As you may have heard, Arizona was stricken by many fires. In particular, Southeastern Arizona had a lot of fires. There were many days at Down By The River B and B that the smoke was so bad it covered the area with smoke and made the sun an orange ball. Many people stayed indoors and some in the area with breathing problems left their homes, traveling to locations that weren’t affected by the fires.
In July, Angie and I were over by the Chiricahua National Monument and the park was closed at that time. During this last week in October, Angie, her friend Mary and I went to the Chiricahua National Monument to see what was burned, what was open and what structures were saved. We had hiked in that area about a year ago and I wrote on the blog what it was like. We started to head on up to Inspiration Point but decided that we didn’t have enough time to make that work. Now I wish we would have pushed a little harder and gotten to see it before the fire. Now we have to rely on other peoples pictures to see what it used to be.
The Horseshoe 2 fire started on May 8th and reached the park boundary in the Inspiration Point area on June 8th. It wasn’t contained until June 25th after
burning all the way down the canyon into the Visitor’s Center area. The fire burned almost 223,000 acres, 9 homes and 14 outbuildings. When the rains from the monsoon came, the flooding that occurred washed out areas that had burned since there was no vegetation to hold the ground in place. This made the terrain unstable and because of that the entire park had to be evaluated to make sure that it was safe for the public to use again.
The park campground is still closed but should reopen sometime after the rains
have stopped and the area can be assessed for safety. The problem is that Bonita Creek runs through the campground so the chance for flash flooding must be over so that the area is safe to camp in again. The road to the top is also closed because a majority of the guard rails have been destroyed in the fire. Until this is repaired and the roadway is assessed for safety, the road will remain closed. The rangers that we talked to seemed to think that everything would be reopened around the beginning of 2012.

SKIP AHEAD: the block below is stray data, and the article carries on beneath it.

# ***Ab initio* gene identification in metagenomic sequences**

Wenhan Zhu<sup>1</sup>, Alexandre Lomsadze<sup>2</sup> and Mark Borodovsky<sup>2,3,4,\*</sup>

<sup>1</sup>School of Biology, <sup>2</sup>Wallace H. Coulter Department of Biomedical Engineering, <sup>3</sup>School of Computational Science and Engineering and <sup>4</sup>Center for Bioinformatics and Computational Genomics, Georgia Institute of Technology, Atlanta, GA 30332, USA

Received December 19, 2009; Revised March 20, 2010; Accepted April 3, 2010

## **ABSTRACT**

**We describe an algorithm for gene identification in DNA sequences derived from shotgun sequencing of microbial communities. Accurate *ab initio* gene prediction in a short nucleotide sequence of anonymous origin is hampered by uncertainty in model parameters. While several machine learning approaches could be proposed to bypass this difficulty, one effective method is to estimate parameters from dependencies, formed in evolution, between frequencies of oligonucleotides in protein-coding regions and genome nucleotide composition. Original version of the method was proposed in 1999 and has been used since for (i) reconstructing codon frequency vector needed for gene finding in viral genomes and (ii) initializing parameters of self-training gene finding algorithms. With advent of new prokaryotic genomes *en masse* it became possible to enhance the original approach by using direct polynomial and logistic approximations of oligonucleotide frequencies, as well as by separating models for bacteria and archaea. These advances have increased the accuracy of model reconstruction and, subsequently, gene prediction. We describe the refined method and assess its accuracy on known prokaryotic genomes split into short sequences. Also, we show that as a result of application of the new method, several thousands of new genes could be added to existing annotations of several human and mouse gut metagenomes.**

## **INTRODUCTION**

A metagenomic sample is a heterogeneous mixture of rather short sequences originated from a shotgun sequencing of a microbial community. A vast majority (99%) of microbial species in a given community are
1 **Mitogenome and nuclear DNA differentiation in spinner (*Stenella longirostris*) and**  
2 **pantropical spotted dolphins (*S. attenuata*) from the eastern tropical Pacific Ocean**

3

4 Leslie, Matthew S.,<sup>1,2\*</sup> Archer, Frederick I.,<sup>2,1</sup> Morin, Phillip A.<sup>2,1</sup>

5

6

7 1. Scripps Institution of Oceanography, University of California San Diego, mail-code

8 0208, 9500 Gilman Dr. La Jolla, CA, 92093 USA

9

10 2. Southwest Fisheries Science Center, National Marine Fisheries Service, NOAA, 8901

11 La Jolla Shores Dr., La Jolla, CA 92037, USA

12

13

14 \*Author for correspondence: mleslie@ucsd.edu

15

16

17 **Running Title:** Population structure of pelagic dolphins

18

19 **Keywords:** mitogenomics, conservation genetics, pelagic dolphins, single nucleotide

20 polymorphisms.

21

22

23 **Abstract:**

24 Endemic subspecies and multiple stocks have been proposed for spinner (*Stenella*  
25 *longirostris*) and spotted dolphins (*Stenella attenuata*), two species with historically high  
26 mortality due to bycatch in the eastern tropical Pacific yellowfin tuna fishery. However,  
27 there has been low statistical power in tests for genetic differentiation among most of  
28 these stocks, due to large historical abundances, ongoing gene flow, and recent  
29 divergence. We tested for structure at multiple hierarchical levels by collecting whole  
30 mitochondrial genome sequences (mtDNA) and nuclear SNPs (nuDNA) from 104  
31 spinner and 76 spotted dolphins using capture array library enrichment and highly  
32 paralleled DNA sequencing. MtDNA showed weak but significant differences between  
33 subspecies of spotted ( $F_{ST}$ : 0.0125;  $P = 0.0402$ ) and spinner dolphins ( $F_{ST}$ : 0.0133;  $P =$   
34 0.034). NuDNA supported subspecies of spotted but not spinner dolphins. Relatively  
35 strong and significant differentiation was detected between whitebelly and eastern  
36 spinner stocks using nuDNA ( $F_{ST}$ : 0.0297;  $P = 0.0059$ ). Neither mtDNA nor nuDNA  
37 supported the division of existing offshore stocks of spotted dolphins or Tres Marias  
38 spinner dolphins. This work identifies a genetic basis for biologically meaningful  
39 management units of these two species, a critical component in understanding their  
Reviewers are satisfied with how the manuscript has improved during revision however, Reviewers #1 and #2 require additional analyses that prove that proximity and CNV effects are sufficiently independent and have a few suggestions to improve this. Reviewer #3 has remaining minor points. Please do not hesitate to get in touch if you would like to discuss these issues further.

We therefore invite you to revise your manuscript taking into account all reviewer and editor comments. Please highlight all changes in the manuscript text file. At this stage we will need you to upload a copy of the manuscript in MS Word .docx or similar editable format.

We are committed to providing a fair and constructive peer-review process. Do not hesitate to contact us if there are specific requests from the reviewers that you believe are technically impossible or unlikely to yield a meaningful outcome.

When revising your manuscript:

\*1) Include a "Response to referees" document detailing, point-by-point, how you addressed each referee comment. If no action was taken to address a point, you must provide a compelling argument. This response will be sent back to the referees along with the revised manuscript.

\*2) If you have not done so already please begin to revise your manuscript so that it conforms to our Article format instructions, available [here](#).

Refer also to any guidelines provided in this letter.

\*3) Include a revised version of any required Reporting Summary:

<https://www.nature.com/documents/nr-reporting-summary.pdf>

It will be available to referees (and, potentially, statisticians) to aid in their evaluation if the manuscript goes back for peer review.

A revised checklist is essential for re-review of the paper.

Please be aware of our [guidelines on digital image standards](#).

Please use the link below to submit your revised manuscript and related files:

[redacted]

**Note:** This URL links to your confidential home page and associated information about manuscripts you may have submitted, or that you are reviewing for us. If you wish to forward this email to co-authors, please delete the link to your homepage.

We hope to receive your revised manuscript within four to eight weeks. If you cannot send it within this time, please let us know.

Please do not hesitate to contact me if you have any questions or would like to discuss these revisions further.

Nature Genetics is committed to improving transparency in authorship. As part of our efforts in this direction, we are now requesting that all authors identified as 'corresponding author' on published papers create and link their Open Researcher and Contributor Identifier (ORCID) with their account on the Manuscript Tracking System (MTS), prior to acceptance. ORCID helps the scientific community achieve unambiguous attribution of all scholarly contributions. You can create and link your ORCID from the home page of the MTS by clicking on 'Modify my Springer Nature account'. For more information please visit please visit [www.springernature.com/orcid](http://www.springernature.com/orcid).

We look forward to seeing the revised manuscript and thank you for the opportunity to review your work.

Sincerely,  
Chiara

There is some good news concerning the park. Although use of the park is limited on access and camping, there is no cost to enter. The other good news is that the visitor’s center, the buildings at Faraway Ranch were not damaged and the trails in the park that were closed are now reopened. The drawback is that the only trail head to access the area starts at the visitor’s center. When hiking though you have to watch where you are walking since there are areas that may be unstable. Stay on the trails as these trails have been looked over for potential problems and have been cleared for use. We did do a short hike up Rhyolite Canyon while we were there and saw the damage that the fire did to the area. It is amazing that there are still some trees
that haven’t been harmed while others were totally burned even down to the roots. There are grasses growing back and some cactus look like they didn’t suffer any burning. I took some pictures of the area including a place where a tree and the roots are burned up totally. This can be dangerous since there can be hollow areas under the top layer of soil where the roots use to be. Stepping on this can lead to a collapse
of the soil and injury to you, so stay on the trails. There is limited signs of bird
and animal life in the burned out areas but on our way out we did encounter a brown bear that was standing in the road. After a while the bear walked across the road in front of us and into the brush. We moved on up the road and stopped at the location that the bear was standing and took some pictures as he looked at us. He didn’t look like he was starving so that must mean that he is finding enough to eat.
How long will it take the area to return to the original beauty that we saw last year, who knows maybe a couple of generations or more to get some trees back to the larger sizes that provide shade along the trails. Many of the trees that burned were hundreds of years old. I am glad that I have pictures and after the trails open up from the top again I will do some comparison shots to see just what was happened. The visitor’s center has some pictures of the fire in progress and also there are some before and after shots so you can get an inkling of what you will see when you go hiking into the monument.